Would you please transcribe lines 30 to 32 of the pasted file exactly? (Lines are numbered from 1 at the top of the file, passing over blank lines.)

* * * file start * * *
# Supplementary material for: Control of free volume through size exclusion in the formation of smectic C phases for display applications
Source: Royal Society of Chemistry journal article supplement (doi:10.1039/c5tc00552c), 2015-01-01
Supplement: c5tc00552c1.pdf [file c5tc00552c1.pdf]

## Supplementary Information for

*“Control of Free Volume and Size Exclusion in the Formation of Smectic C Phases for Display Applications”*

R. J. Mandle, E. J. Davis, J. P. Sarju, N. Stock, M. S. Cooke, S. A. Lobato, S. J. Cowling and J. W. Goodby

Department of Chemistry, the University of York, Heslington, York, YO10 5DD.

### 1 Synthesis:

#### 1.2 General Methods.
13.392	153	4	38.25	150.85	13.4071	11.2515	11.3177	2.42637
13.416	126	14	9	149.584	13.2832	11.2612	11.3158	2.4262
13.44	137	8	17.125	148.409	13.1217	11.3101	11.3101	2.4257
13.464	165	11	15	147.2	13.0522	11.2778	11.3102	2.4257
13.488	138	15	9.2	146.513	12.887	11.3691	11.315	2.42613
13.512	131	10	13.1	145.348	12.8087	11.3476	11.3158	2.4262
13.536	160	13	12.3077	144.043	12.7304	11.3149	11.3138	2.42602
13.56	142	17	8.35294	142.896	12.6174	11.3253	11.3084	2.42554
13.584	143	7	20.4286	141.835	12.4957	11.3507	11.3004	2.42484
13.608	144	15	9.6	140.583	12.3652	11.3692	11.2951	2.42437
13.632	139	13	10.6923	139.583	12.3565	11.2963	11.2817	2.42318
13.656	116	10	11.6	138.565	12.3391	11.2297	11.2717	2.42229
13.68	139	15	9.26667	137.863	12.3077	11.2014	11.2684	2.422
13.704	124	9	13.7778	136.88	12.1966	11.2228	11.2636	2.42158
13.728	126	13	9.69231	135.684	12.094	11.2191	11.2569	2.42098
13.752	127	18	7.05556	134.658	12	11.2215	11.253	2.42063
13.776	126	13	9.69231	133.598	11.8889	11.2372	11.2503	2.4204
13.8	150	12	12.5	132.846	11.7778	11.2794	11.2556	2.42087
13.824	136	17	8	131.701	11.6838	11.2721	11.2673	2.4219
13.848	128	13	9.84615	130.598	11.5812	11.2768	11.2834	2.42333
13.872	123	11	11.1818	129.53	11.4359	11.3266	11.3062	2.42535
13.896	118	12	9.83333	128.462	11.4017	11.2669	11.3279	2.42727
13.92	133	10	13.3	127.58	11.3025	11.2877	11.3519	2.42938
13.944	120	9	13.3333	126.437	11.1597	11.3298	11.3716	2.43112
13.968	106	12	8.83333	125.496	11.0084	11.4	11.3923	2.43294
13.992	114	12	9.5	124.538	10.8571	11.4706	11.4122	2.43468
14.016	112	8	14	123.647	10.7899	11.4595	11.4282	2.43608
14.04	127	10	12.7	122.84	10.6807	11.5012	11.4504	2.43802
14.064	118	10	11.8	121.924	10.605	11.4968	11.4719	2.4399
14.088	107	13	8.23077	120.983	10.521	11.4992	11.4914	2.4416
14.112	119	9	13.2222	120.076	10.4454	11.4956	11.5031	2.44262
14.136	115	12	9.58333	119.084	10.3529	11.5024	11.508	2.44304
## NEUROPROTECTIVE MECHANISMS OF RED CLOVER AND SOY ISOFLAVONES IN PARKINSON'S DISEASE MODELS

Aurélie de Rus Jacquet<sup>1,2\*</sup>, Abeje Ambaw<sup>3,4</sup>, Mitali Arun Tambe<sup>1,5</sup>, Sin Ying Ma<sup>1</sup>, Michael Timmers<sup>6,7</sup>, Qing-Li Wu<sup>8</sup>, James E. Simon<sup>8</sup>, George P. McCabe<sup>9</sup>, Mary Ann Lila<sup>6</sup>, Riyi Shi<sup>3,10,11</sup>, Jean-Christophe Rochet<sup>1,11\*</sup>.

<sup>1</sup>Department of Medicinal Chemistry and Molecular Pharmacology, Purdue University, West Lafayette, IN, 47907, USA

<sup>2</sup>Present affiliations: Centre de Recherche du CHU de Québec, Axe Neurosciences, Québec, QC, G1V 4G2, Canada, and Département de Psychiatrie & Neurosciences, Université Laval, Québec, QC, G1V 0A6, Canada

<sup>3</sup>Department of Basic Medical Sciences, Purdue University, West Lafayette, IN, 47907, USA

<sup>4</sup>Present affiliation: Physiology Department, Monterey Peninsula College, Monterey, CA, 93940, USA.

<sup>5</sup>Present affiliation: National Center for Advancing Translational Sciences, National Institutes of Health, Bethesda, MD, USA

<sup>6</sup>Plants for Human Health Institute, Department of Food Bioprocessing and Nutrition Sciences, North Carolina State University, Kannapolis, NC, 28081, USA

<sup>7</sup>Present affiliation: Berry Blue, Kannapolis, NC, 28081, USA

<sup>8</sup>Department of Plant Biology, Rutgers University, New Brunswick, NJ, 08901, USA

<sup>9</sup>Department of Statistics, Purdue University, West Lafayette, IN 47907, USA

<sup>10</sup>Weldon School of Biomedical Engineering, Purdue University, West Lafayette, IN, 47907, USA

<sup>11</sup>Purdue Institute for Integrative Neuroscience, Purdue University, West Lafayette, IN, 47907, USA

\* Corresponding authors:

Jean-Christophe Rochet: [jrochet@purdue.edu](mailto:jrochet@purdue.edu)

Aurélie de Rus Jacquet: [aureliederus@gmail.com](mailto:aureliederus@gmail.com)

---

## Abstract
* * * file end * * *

13.872	123	11	11.1818	129.53	11.4359	11.3266	11.3062	2.42535
13.896	118	12	9.83333	128.462	11.4017	11.2669	11.3279	2.42727
13.92	133	10	13.3	127.58	11.3025	11.2877	11.3519	2.42938